They sat in the garden of the their teacher's house, men and women, discussing the latest trends in thought but especially the radical ideas of their leader Epicurus. It was the fourth century B.C.E. I have always imagined them in the midst of a grand Greek salad: olive trees around them, lettuce and cucumbers growing in the garden, and goats dancing on the hillsides visible in the distance, making feta cheese. Hush, you fussy scholars. Allow me my fantasies. I wish I had attended a school like this.
This was the Garden School of Epicurus, who taught that the ultimate motive throughout human life is pleasure. No, not hedonism and eating too much and doing anything you please. If the many restaurants with Epicurean in their name were to be true to history, they would all be vegetarian. That's what the tradition says. Epicurus was too intelligent to advocate a life of abandon to appetites. He distinguished between pleasures that passed quickly and those that were stable, and he singled out friendship as an especially important example of the latter.
I have looked closely at literature on the soul throughout history and have noticed how often the spokepersons for soul were Epicureans and their subject was friendship. Second on their list was pleasure, voluptas, the basis of our word voluptuous. Imagine a serious philosophy of life based on solid, deep-seated, highly ethical pleasure.
Our business, political, religious and family leaders could all be Epicureans. Their goal is pleasure, but it may not be as ethical, profound, humane and sensitive as that of Epicurus himself. They may be craving love, praise, money, sex, power or control. Their vision and their motives may not be big enough or deep enough to give their leadership a soul.
The pleasures they derive from their work could include such things as creating a good work environment, really caring for the happiness of people they serve, making the world a better place, and evolving toward an enlightened future. The pleasures that come from such values are real pleasures and could give deep satisfaction to leaders of all kinds. The other pleasures like money and power can have a place when they are fine-tuned, but they still remain far below the deep ones in priority.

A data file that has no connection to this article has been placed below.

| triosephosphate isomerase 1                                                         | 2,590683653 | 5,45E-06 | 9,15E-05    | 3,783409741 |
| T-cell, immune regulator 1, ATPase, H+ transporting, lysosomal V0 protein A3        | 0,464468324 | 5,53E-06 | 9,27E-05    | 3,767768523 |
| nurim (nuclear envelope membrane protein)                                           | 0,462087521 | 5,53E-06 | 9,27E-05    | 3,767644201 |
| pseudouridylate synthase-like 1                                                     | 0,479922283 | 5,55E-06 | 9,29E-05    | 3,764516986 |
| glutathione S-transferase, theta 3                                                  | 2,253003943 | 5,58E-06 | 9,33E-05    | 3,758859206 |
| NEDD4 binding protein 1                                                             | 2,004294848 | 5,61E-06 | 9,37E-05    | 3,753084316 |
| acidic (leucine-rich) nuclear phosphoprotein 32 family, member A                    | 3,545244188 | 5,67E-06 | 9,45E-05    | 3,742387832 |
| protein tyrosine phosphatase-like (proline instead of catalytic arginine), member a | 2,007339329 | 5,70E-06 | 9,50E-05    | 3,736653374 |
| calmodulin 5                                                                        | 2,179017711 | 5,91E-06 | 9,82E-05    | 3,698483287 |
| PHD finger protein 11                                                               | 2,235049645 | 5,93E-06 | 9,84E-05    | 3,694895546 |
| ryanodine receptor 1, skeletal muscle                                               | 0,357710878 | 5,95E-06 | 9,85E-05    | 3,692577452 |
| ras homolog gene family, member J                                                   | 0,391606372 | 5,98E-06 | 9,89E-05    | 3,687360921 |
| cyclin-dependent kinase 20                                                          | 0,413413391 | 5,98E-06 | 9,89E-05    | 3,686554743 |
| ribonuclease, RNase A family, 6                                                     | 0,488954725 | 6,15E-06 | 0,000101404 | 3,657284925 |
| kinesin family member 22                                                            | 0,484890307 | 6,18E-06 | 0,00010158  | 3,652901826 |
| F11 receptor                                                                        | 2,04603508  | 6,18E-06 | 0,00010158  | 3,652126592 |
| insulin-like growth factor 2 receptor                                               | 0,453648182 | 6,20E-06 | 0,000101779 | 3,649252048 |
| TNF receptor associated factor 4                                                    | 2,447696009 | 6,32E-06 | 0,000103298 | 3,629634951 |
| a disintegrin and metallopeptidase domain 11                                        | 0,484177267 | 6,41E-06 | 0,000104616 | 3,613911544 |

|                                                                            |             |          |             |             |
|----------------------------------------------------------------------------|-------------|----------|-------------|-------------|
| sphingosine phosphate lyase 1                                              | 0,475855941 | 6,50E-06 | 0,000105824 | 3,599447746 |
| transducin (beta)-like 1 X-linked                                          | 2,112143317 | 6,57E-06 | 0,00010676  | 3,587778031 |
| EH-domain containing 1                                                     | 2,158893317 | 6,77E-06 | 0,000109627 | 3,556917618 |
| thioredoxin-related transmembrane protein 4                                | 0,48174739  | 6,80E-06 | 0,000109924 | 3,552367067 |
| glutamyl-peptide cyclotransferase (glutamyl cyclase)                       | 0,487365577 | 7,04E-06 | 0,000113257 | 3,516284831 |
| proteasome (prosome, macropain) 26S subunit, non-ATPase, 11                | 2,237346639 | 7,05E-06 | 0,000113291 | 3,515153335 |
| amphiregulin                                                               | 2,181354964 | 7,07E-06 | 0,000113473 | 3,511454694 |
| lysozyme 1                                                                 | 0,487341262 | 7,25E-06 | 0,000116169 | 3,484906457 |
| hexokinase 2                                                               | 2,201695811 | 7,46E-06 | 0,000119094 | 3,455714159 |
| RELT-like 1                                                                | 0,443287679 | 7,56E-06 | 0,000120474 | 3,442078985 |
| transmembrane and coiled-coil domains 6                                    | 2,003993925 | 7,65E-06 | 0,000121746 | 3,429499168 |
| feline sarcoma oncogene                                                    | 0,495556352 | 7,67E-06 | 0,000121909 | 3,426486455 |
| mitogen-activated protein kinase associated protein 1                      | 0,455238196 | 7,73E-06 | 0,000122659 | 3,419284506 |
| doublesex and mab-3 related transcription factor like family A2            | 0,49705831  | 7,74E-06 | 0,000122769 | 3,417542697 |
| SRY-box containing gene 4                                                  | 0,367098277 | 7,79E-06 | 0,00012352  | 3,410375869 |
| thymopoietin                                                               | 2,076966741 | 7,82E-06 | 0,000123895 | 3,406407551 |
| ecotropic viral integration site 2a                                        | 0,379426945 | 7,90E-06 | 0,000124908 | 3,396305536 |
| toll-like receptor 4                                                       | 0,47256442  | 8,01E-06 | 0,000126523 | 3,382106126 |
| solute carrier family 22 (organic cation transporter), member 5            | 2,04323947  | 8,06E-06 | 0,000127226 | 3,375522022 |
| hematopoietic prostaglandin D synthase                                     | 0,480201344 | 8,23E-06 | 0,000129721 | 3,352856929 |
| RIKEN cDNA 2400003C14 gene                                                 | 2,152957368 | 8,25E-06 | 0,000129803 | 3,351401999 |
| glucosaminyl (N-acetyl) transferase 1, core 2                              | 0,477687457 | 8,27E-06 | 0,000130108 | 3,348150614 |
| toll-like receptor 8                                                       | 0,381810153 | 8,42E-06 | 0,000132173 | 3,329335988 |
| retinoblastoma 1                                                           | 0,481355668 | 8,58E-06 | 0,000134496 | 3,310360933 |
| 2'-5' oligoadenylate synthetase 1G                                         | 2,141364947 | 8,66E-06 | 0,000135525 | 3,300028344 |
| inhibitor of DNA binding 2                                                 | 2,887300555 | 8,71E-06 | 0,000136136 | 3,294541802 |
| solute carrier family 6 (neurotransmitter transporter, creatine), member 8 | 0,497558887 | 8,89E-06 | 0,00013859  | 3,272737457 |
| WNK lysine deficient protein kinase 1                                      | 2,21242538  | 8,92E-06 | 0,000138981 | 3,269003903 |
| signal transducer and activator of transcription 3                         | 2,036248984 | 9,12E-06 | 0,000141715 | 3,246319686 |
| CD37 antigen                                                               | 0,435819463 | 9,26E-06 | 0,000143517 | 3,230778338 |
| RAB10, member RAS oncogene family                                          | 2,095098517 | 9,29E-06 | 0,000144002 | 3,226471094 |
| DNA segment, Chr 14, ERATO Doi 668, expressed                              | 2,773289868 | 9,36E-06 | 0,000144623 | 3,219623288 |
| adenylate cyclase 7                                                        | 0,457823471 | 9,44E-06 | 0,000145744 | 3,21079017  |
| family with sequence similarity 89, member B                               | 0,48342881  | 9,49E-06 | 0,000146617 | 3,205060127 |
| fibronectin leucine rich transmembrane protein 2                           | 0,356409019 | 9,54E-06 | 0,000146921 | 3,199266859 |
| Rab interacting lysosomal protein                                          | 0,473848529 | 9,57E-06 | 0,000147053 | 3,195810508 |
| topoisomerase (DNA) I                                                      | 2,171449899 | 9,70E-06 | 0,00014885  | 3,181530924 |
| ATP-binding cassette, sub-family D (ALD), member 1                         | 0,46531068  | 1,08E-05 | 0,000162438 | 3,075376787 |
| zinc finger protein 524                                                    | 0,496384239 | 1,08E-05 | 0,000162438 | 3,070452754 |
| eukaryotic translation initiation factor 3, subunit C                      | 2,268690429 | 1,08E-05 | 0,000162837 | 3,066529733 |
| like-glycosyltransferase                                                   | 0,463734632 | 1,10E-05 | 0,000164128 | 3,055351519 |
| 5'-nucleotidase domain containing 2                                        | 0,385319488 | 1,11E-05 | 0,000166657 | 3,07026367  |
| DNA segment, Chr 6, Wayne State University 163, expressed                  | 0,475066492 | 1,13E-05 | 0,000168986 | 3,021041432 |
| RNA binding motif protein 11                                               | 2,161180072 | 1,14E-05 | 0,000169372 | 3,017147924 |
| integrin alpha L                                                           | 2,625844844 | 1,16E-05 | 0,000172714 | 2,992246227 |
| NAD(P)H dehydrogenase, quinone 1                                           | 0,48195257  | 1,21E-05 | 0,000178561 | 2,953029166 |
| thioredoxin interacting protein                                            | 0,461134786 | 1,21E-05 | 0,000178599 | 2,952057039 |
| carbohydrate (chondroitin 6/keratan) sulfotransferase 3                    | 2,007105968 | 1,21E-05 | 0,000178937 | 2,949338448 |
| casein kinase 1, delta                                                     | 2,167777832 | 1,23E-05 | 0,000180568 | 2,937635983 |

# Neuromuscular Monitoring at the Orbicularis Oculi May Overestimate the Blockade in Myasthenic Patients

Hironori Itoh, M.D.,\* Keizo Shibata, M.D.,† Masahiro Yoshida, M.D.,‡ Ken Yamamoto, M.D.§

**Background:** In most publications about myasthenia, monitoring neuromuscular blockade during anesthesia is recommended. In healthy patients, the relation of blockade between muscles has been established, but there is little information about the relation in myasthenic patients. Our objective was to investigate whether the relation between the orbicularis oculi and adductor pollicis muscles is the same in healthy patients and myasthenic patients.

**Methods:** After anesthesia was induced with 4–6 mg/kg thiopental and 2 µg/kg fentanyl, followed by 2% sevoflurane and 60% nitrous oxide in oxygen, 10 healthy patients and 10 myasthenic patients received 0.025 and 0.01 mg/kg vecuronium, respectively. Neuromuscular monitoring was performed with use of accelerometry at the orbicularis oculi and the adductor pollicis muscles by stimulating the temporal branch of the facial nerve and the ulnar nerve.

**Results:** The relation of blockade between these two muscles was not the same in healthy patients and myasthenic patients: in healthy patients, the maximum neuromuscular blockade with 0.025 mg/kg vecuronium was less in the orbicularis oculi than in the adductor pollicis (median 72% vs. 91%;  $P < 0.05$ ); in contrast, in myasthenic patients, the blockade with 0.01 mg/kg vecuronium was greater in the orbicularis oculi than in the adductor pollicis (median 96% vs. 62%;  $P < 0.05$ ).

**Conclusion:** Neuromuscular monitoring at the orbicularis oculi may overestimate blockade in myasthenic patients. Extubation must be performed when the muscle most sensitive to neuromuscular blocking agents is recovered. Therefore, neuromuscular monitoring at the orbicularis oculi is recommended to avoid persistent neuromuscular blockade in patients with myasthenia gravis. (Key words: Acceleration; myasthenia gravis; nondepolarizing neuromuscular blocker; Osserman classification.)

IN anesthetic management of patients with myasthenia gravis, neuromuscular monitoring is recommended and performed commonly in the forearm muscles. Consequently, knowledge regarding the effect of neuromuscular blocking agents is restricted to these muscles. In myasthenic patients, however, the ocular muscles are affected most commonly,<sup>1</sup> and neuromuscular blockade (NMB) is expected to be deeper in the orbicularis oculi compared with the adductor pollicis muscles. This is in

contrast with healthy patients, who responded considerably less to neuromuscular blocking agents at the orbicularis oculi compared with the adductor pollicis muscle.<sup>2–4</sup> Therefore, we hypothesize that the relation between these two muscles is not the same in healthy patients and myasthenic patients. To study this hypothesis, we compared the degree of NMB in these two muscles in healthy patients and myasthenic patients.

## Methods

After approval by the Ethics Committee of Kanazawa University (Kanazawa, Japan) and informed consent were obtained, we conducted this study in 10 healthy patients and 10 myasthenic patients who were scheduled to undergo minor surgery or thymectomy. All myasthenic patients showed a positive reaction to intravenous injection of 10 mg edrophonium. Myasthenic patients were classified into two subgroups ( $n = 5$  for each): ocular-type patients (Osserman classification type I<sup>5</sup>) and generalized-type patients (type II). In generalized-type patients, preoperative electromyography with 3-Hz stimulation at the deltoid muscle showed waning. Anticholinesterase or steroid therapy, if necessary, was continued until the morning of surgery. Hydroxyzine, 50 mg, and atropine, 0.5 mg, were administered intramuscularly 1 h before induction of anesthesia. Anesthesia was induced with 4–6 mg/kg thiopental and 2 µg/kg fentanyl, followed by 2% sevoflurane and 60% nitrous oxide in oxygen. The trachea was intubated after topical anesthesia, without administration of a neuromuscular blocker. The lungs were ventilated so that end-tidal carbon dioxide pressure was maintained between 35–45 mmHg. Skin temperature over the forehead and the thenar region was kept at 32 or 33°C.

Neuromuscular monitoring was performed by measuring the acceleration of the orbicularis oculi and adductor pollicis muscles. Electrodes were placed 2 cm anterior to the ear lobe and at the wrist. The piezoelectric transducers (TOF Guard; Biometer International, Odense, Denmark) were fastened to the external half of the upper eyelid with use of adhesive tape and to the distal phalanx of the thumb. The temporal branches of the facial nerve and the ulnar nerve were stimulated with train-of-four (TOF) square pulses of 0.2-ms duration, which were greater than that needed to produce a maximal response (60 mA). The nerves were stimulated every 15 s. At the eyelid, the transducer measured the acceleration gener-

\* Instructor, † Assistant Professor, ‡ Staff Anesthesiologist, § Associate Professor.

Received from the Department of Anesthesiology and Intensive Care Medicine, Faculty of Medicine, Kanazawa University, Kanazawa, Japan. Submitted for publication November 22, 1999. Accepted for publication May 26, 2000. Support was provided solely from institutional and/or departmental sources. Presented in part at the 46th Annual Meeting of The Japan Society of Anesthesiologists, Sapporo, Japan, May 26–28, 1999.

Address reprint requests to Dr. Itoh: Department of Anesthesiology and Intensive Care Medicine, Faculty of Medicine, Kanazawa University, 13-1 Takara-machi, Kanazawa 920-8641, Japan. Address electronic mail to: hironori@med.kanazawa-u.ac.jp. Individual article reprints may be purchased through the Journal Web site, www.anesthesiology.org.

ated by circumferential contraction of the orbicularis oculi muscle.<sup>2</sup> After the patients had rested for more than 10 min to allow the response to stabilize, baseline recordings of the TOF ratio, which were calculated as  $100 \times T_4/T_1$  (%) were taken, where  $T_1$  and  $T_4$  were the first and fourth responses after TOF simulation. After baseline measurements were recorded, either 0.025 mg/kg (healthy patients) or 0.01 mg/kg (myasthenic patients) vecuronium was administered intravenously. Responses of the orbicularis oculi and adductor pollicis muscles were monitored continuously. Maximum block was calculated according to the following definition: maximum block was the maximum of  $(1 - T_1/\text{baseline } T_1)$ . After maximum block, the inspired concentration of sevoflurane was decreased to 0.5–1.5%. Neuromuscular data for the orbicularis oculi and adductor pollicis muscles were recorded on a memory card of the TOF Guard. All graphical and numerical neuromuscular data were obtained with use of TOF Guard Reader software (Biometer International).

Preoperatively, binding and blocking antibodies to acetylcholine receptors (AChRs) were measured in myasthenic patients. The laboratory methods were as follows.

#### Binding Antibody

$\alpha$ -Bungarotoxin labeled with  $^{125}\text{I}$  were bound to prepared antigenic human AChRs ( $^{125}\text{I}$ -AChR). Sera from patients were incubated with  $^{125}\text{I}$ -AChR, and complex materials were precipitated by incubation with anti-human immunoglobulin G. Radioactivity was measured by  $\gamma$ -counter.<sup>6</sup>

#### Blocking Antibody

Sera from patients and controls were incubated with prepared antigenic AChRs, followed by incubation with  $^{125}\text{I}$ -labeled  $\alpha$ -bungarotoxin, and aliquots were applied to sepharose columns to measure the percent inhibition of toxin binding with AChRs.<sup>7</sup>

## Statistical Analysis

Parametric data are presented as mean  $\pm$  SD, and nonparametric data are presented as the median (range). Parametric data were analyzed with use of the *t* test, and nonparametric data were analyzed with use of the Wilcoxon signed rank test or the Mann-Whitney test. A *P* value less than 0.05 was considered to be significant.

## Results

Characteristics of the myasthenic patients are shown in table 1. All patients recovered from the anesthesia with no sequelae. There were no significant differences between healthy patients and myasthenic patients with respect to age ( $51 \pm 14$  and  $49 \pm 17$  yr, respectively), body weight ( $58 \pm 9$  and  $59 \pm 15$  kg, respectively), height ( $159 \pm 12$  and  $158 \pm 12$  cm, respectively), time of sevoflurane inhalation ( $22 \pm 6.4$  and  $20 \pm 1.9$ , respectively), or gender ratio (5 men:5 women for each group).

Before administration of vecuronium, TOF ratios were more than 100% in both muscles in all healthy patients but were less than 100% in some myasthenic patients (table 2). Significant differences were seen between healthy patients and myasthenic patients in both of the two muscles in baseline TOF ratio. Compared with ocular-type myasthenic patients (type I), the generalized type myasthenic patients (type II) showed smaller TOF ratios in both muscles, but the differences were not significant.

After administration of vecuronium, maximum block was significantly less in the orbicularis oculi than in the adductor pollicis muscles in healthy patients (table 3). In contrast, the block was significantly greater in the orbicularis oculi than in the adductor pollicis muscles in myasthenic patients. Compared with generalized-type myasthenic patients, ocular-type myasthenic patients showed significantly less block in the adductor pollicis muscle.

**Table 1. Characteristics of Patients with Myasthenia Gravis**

The result would be leadership that is profoundly satisfying, helping leaders keep their sanity and not have to act out so much in a desperate quest for satisfaction. In many cases the soul shrivels when the leader has to observe values far beneath him and then look for pleasures that are superficial.
Matters like money, power and prestige have their place, but often they are mere lures and temptations toward what Epicurus might label as the unstable pleasures. They don't last and don't reach deep enough into the human need for compensation. Leaders usually work hard, take risks and suffer their own deprivations just to do their job. It's natural to want some reward for all this effort.
It takes an intelligence of soul and spirit to rise above temptations toward the lesser rewards. It requires an ongoing education in values and maybe some guidance toward a life purpose. Schools don't typically teach these things, though our poets and writers and some spiritual leaders offer good reflection on them. We would have to teach literature and history with the intention of helping students sort out important values.
The Epicurean leader knows how to distinguish valuable rewards from the cheap ones. He or she knows how to let the role of leader create an ever deeper vision, have a serious role in the unfolding of human culture, and enjoy the genuine gratitude of followers.
Every leader has a choice manifested in every decision: whether to go for unworthy ego satisfactions or to find truly deep and satisfying rewards in service. The latter last longer, reach deeper and satisfy the leader's soul. They counter burn-out, addictions, depression and sexual acting-out--signs that leaders have neglected their souls.
The Epicurean leader can admit that he wants and needs pleasure in his work, rather than pretend to himself and others that his motives are all self-sacrificing and altruistic. But knowing, at least intuitively, the Epicurean secret about worthy pleasures, he can go for the big ones and ultimately find his life work more meaningful and satisfying.